Thursday, January 07, 2010
Decline of the Second String
An instructive comparison can be made with another second-string Socceroo performance, against Bahrain in 2006 (our first game as a member of the Asian confederation, in fact). Then, Australia rose from the ashes in the second half, playing with verve, invention and determination to carry off an important win.
Last night's second-half effort could hardly have been more different. Pim Verbeek showed once more not only that is he committed to his dreary 4-2-3-1 system, but that he is painfully slow to make effective substitutions when the system is no longer working so well.
The Socceroos tired badly in the second period, and yet the only change prior to the last minutes was the replacement of an ineffective Mile Sterjovski with an out-of-position Nikita Rukavytsya. True, the FC Twente man did drift infield now and then, switching positions with Archie Thompson, but the combination between these two had looked awkward even at the 2008 Olympics.
Luke Wilkshire and Mile Jedinak had bossed the midfield convincingly for most of the first period, but they ceded this area to Kuwait as the game dragged on, with Jedinak looking weary almost from the second half kick-off. And nothing was done to counter the Kuwaitis' tactic of getting in behind Dean Heffernan on the left, which allowed them to penetrate time and again in the second 45 minutes.
Cast your minds back to that Bahrain game: there, a crucial half-time substitution gave the 'roos fresh ideas, a new shape and much greater impetus in the final third. Brett Holman gave probably his best performance ever for the Socceroos, providing excellent movement and fine link-play.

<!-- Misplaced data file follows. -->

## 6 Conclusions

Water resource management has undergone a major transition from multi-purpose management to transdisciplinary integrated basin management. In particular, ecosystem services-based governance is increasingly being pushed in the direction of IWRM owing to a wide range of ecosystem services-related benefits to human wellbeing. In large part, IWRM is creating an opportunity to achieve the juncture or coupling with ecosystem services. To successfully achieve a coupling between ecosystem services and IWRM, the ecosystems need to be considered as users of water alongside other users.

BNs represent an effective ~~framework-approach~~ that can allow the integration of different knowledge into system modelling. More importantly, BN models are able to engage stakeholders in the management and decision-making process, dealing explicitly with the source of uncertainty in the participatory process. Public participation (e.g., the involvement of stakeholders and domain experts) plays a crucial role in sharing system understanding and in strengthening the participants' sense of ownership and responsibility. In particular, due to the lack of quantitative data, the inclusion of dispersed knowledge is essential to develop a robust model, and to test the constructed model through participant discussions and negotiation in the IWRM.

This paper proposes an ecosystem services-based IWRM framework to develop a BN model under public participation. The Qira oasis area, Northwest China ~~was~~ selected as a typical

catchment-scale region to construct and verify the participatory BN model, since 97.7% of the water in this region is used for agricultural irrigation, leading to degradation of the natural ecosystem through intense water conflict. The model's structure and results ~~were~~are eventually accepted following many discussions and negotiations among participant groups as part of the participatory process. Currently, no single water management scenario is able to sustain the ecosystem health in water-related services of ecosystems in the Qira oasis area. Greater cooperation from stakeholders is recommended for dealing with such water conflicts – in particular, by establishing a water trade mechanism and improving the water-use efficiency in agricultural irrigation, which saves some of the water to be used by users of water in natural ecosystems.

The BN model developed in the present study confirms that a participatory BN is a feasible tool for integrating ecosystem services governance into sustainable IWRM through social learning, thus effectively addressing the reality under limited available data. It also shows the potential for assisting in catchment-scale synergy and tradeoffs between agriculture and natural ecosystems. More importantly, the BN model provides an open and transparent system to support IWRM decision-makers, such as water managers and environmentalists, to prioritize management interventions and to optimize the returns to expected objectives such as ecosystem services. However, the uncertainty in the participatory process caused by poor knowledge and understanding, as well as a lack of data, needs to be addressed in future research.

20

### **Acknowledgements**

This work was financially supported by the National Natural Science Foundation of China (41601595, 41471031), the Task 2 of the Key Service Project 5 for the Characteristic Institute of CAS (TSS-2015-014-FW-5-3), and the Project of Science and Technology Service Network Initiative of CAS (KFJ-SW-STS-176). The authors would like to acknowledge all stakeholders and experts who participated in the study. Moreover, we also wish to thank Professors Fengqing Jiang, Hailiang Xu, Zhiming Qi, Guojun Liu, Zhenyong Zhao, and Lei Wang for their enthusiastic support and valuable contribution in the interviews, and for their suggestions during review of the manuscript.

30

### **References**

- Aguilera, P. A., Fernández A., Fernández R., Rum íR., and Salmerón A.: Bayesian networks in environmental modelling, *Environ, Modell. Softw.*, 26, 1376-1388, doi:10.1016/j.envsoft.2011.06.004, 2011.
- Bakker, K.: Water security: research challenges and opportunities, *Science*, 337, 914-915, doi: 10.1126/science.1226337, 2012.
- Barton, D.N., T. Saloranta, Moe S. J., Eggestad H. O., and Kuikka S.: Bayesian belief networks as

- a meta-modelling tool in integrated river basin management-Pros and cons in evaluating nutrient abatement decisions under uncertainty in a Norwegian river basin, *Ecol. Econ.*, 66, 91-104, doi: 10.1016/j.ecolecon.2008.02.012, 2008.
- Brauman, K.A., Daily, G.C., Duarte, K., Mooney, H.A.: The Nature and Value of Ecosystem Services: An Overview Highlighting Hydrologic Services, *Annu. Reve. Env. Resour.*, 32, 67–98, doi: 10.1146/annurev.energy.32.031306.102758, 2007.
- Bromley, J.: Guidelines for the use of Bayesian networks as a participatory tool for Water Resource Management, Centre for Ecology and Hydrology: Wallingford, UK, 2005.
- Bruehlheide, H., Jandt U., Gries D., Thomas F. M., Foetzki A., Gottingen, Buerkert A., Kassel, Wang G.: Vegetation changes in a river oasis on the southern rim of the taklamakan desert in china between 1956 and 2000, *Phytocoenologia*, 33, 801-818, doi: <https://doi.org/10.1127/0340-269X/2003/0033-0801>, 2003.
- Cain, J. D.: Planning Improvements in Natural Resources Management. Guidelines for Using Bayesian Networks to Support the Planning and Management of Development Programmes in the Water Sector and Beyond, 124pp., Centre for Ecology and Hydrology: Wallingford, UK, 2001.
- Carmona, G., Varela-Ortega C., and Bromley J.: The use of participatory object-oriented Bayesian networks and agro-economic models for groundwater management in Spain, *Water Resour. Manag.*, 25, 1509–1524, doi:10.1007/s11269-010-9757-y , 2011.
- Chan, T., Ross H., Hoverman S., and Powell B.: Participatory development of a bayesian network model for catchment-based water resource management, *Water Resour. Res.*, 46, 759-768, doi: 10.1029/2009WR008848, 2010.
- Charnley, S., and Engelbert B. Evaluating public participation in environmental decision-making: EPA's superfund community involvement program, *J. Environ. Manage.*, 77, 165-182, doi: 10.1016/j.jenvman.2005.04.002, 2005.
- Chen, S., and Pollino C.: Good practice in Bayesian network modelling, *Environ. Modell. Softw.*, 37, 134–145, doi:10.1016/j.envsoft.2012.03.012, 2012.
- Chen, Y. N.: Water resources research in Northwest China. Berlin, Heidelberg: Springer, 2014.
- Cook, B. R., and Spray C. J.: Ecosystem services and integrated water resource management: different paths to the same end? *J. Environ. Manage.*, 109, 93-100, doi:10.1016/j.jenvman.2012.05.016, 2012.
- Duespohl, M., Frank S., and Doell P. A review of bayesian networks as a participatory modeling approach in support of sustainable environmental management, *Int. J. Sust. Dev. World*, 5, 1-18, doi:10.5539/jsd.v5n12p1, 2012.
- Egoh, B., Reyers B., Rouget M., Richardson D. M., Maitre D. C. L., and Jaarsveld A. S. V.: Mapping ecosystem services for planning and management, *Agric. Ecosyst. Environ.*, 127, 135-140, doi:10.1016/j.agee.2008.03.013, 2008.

It was just that mobility which the Socceroos so badly lacked last night, after the break. The Kuwaitis' off-the-ball movement in the second period was smooth and effective; Australia's was vertical, one-dimensional and easily countered.
Will Verbeek show any more imagination, or courage, in South Africa?
Pim has damaged the game in Australia.
Kuwait set up asymmetrically, providing more space on the left flank for Heff and Vidosic to exploit. Unfortunately, they were outpositioned in the Kuwaiti offensive transitions. This gave rise to effective Kuwaiti accelerated attacks.
In the second half, Kuwait tired and defended more compactly. The midfield, apart from Jedinak who tired, gained more possession. Kuwait's pressing was far less intense and Australia had more possession overall as a team. Kuwait gained more territory from direct play, with effective ball carrying and longer passes in the first half. They achieved quick movement from defence to attack.
The back four's unfamiliarity was a problem. Only Moore was an experienced defender. Cohesion problems were the cause of the goals. The midfield also missed the defensive running of Culina and the muscle of Grella (Jedinak is more combersome and slower to recover).
The lack of midfield defensive pressure enabled the Kuwaiti midfielders to take too many touches on the ball and to set up dangerous balls down the flanks. Jedinak was dribbled around on 4 occasions and Wilkshire suffered the ignominy on 3 occasions. This occurs to Culina once every three matches. Maybe Verbeek should have subbed Jedinak for Burns or McKay?
Once again, Australia passed the ball 110 times more than Kuwait over the course of the match, and won 19 more one on one duels, with the ascendancy being achieved primarily in the second half. One has to credit a couple of the Kuwaitis with extraordinary ball carrying and dribbling qualities.
Kuwait are a good side, particularly at home.
Some good came from the match. The offensive performances from Vidosic and Heffernan were encouraging. Archie also defended well from the front, disturbing build ups. The problem was Carle constantly receiving the ball facing his own goal. He was frequently also too far from Thompson, forcing Archie to have to try and hold the ball up, not his strength.
For mine Verbeek is a successful coach.